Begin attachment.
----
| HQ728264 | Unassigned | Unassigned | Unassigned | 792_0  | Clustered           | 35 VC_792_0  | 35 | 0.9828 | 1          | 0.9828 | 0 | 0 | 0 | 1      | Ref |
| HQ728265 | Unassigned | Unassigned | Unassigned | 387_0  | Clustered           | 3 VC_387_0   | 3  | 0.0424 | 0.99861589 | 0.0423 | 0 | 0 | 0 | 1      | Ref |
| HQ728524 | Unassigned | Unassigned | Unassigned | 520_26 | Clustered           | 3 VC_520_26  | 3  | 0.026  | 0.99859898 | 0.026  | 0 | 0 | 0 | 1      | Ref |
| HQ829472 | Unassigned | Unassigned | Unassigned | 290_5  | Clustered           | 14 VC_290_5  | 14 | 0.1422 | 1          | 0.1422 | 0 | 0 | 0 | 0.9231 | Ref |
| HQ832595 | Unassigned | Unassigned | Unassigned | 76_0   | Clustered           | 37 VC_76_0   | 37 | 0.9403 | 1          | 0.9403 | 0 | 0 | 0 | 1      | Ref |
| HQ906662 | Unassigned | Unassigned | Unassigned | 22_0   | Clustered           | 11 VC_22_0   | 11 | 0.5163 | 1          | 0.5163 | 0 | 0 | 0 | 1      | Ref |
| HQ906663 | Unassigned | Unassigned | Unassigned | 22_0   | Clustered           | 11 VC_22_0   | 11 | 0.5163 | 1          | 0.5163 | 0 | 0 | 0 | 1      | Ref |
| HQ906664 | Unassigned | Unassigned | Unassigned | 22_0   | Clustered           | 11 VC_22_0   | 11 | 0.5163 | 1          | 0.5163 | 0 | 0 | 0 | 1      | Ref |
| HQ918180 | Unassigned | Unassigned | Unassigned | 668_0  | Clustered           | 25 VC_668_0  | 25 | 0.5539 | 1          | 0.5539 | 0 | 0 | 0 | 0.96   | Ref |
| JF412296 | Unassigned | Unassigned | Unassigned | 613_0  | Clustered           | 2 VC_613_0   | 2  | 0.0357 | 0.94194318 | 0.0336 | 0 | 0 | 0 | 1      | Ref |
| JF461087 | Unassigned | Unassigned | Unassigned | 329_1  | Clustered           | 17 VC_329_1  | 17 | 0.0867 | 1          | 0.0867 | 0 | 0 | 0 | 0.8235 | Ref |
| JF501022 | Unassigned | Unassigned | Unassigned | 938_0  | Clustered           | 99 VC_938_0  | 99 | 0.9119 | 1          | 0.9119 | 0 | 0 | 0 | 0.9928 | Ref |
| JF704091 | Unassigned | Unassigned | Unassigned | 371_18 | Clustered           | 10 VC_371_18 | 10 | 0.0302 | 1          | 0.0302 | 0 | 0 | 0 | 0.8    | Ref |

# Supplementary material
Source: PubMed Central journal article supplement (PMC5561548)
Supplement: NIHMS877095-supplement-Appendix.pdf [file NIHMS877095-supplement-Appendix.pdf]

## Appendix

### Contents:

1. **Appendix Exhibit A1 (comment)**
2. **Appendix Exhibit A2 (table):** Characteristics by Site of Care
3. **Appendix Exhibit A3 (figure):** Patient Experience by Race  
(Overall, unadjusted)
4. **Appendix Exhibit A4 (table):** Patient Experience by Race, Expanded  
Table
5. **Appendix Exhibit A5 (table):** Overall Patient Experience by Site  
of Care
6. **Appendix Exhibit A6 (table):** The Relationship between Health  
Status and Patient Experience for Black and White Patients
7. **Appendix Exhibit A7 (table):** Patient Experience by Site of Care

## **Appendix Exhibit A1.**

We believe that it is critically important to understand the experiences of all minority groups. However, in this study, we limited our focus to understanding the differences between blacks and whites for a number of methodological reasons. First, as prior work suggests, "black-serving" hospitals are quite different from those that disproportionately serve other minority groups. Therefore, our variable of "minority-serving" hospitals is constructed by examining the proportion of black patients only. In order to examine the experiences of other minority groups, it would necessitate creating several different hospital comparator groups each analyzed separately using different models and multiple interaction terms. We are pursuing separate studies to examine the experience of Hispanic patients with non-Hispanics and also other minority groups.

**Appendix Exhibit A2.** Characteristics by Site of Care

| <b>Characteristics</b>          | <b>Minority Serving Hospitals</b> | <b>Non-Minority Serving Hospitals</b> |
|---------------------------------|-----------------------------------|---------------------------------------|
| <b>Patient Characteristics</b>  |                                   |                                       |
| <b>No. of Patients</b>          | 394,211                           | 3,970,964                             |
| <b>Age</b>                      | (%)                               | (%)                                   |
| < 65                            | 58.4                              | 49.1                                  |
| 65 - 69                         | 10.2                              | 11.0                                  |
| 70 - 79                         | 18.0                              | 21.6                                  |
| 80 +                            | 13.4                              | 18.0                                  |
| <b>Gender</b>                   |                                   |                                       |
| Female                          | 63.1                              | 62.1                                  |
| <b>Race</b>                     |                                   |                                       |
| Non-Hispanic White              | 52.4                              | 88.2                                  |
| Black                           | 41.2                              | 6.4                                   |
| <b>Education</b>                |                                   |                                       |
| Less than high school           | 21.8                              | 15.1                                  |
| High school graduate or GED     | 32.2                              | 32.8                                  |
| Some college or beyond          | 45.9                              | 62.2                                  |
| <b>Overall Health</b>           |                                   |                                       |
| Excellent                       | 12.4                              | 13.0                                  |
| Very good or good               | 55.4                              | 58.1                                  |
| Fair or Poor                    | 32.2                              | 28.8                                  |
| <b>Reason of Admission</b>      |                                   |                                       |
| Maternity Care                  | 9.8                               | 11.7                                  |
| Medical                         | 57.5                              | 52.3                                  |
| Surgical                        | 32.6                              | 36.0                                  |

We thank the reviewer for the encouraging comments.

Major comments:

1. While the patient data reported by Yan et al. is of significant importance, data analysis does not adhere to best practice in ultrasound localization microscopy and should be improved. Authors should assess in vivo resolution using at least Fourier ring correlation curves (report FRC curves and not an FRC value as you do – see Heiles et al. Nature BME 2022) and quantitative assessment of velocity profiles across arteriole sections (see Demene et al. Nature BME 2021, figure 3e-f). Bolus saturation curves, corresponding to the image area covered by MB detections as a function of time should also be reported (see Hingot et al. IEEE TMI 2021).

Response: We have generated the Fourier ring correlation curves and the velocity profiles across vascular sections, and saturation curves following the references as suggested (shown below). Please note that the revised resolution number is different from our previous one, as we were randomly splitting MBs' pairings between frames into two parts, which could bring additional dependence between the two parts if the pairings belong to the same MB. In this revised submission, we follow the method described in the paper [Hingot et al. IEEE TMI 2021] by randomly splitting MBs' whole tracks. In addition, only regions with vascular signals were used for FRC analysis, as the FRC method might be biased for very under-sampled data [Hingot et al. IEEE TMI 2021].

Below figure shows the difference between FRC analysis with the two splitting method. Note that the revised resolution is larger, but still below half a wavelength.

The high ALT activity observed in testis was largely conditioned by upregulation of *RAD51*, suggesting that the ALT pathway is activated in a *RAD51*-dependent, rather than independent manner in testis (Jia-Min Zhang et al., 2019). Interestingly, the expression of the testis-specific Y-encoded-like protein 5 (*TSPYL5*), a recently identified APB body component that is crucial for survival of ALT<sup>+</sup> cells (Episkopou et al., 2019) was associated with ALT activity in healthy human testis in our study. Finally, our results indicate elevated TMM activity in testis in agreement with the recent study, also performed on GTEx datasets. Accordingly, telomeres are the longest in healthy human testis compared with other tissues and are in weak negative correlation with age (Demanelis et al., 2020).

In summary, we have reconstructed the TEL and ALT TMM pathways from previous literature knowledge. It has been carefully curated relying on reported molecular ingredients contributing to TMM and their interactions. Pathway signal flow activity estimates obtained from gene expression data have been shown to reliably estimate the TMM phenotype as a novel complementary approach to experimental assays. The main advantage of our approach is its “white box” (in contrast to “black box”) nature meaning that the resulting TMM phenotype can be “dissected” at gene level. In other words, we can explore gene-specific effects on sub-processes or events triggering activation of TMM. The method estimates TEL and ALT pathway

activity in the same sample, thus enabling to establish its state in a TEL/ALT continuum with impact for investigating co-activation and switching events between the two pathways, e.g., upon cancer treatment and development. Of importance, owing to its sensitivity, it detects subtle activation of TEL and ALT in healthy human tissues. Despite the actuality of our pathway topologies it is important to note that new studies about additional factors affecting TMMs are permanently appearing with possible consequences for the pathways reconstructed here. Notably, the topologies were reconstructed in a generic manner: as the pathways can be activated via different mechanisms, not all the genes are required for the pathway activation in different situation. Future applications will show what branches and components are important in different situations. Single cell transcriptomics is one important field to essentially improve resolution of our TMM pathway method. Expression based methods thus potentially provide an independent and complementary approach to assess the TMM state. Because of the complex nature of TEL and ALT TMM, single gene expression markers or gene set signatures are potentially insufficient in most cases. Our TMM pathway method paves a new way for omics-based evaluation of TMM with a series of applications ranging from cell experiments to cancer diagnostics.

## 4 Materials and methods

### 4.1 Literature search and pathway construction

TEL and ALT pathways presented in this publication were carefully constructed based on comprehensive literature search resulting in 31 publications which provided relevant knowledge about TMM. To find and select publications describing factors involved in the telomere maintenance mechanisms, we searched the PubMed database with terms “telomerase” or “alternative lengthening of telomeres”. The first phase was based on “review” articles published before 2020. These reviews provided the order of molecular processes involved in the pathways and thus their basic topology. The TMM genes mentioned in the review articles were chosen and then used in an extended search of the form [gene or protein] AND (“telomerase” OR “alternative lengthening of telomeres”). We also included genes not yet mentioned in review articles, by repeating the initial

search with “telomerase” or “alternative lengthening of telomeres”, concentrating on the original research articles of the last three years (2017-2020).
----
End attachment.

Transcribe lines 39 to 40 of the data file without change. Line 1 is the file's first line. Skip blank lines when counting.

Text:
| 65 - 69                         | 10.2                              | 11.0                                  |
| 70 - 79                         | 18.0                              | 21.6                                  |